The Temple and the Church's Mission
"Then I saw a new heaven and a new earth. . . . And I saw the holy city, new Jerusalem. . . . And I heard a loud voice from the throne saying, ‘Behold, the dwelling place of God is with man." (Revelation 21:1-3, ESV).
In this comprehensive study, a New Studies in Biblical Theology volume, G. K. Beale argues that the Old Testament tabernacle and temples were symbolically designed to point to the end-time reality that God's presence, formerly limited to the Holy of Holies, would be extended throughout the cosmos. Hence, John's vision in Revelation 21 is best understood as picturing the new heavens and earth as the eschatological temple.
Beale's stimulating exposition traces the theme of the tabernacle and temple across the Bible's story-line, illuminating many texts and closely-related themes along the way. He shows how the significance and symbolism of the temple can be better understood in the context of ancient Near Eastern assumptions, and offers new insights into the meaning of the temple in both Old and New Testaments.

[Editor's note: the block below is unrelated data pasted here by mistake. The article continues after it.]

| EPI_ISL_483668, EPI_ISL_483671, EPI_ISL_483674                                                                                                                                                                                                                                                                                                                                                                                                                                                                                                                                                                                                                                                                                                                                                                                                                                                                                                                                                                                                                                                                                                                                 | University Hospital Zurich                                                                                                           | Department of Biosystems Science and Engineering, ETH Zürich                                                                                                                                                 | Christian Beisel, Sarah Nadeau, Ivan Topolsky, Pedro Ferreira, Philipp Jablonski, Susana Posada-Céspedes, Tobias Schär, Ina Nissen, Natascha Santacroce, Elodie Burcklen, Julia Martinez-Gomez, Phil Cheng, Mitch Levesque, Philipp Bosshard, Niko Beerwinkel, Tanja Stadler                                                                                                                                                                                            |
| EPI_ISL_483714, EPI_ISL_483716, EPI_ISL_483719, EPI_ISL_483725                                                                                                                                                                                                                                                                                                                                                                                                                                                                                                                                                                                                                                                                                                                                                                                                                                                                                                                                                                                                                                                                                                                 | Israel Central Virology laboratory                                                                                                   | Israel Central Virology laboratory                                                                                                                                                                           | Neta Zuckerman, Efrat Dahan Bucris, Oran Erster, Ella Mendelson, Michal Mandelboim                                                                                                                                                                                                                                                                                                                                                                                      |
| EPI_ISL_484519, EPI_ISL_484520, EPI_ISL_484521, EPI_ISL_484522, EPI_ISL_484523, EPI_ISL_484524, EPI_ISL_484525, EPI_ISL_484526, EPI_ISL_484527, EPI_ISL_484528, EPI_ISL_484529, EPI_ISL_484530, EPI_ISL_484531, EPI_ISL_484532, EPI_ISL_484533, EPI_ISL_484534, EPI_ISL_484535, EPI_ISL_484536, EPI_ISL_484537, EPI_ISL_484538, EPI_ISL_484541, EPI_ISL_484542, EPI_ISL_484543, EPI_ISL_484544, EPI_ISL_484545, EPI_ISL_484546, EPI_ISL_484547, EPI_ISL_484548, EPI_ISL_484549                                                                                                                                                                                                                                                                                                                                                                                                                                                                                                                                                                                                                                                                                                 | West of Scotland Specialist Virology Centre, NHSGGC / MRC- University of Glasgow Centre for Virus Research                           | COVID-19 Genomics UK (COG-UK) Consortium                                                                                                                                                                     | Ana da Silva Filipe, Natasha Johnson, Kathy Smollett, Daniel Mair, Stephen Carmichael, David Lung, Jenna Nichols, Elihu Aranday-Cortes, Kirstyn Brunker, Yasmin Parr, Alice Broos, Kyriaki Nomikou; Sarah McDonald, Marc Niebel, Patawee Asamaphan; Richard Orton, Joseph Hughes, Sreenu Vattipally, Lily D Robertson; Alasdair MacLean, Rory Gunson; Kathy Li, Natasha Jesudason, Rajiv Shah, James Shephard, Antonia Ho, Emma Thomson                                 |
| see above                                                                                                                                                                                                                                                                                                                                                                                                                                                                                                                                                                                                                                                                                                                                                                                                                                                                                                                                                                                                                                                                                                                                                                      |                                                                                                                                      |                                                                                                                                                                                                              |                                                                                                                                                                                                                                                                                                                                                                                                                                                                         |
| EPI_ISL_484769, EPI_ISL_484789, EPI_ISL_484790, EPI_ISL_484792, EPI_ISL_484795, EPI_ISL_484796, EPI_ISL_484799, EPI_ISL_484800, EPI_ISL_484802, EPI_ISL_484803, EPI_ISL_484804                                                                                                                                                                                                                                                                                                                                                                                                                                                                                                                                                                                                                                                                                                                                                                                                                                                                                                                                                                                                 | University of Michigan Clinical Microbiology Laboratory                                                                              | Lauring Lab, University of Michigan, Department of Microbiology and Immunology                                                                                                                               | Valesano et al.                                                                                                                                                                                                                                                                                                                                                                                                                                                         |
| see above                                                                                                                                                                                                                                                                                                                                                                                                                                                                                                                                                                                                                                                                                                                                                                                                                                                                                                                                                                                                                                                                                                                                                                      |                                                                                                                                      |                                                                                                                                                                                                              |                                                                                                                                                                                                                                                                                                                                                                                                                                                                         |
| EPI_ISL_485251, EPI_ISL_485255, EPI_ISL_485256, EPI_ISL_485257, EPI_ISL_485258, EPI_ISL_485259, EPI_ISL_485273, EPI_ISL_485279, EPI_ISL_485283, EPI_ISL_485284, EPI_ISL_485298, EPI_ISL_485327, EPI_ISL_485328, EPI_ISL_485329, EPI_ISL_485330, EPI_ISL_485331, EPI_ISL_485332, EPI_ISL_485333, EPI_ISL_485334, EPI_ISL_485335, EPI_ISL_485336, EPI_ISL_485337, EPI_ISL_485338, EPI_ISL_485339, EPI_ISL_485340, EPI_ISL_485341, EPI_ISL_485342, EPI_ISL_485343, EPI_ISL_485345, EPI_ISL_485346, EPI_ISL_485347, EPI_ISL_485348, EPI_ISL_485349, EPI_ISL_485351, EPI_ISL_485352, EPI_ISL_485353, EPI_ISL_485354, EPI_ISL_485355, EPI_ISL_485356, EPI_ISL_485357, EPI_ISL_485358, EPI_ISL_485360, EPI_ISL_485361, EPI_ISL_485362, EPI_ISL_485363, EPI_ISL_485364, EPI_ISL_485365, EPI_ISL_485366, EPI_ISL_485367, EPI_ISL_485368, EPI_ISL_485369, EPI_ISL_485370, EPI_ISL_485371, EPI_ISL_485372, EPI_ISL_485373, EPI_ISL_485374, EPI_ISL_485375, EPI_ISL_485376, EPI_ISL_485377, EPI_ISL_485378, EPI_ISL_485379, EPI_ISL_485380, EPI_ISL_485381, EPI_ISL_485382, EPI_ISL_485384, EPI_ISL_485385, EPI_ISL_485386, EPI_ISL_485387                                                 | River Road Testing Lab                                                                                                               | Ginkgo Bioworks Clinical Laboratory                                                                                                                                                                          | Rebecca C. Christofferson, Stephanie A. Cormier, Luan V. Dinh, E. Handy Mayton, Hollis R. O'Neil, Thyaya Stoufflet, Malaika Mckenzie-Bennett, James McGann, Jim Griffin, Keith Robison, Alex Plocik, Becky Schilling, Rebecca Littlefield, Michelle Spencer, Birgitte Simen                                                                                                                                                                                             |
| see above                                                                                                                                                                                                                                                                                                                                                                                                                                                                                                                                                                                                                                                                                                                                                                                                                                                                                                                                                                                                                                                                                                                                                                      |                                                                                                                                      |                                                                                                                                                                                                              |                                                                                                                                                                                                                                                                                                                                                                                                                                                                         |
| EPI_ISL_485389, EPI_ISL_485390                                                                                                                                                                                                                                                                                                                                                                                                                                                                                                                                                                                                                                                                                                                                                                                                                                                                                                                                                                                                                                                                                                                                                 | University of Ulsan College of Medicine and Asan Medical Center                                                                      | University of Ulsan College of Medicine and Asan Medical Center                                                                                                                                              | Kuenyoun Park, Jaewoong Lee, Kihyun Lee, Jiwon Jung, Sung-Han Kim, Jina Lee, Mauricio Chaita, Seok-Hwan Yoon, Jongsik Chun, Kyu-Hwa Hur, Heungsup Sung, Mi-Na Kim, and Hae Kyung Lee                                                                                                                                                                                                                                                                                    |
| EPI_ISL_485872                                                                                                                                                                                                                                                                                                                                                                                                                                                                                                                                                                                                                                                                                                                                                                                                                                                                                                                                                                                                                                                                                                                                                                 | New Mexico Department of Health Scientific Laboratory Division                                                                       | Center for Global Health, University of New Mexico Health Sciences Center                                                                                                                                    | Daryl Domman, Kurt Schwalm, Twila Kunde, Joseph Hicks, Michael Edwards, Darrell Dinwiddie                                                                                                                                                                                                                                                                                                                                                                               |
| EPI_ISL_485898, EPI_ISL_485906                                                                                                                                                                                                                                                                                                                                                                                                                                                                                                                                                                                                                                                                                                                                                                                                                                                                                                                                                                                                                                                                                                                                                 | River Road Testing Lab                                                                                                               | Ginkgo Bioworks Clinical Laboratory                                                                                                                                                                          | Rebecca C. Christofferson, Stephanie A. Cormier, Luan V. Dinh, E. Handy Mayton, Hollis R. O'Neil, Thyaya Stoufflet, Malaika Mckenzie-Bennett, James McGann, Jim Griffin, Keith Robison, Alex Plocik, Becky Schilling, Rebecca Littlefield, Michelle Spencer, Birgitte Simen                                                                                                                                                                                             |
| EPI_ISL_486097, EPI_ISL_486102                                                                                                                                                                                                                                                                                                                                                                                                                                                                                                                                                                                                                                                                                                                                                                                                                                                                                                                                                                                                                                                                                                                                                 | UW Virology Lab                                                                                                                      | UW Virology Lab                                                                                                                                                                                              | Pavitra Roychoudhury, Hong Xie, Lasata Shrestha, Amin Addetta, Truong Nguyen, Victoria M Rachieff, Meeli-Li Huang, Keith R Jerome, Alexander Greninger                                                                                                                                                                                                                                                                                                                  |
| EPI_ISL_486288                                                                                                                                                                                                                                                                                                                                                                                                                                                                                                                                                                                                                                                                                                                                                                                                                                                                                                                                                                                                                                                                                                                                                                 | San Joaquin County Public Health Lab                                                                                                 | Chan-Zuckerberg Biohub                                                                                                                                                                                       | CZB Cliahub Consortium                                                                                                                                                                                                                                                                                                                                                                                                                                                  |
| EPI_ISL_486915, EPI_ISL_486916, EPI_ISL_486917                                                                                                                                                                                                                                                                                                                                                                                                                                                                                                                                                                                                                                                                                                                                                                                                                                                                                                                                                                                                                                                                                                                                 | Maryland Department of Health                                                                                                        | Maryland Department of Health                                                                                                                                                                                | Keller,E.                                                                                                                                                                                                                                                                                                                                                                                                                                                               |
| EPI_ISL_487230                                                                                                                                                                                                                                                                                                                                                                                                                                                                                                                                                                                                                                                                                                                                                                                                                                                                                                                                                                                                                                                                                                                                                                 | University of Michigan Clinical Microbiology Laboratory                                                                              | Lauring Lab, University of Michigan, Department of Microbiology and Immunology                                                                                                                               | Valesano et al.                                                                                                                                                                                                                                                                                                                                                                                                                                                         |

Preface by Mary Dorinda Beale
2. Cosmic Symbolism of Temples in the Old Testament
3. The Expanding Purpose of Temples in the Old Testament
4. The Expanding End-Time Purpose of Temples in the Old Testament
5. The "Already and Not Yet" Fulfillment of the End-Time Temple in Christ and His People: The Gospels
6. The Inauguration of a New Temple in the Book of Acts
7. The Inauguration of a New Temple in the Epistles of Paul
8. The Temple in 2 Thessalonians 2
9. The Inauguration of a New Temple in Hebrews
10. The World-Encompassing Temple in Revelation
11. The Temple in Ezekiel 40--48 and Its Relationship to the New Testament
12. Theological Conclusions: The Physical Temple as a Foreshadowing of God's and Christ's Presence as the True Temple
13. Practical Reflections on Eden and the Temple for the Church in the Twenty-first Century
Index of Modern Authors
Index of Biblical References
Index of Ancient Sources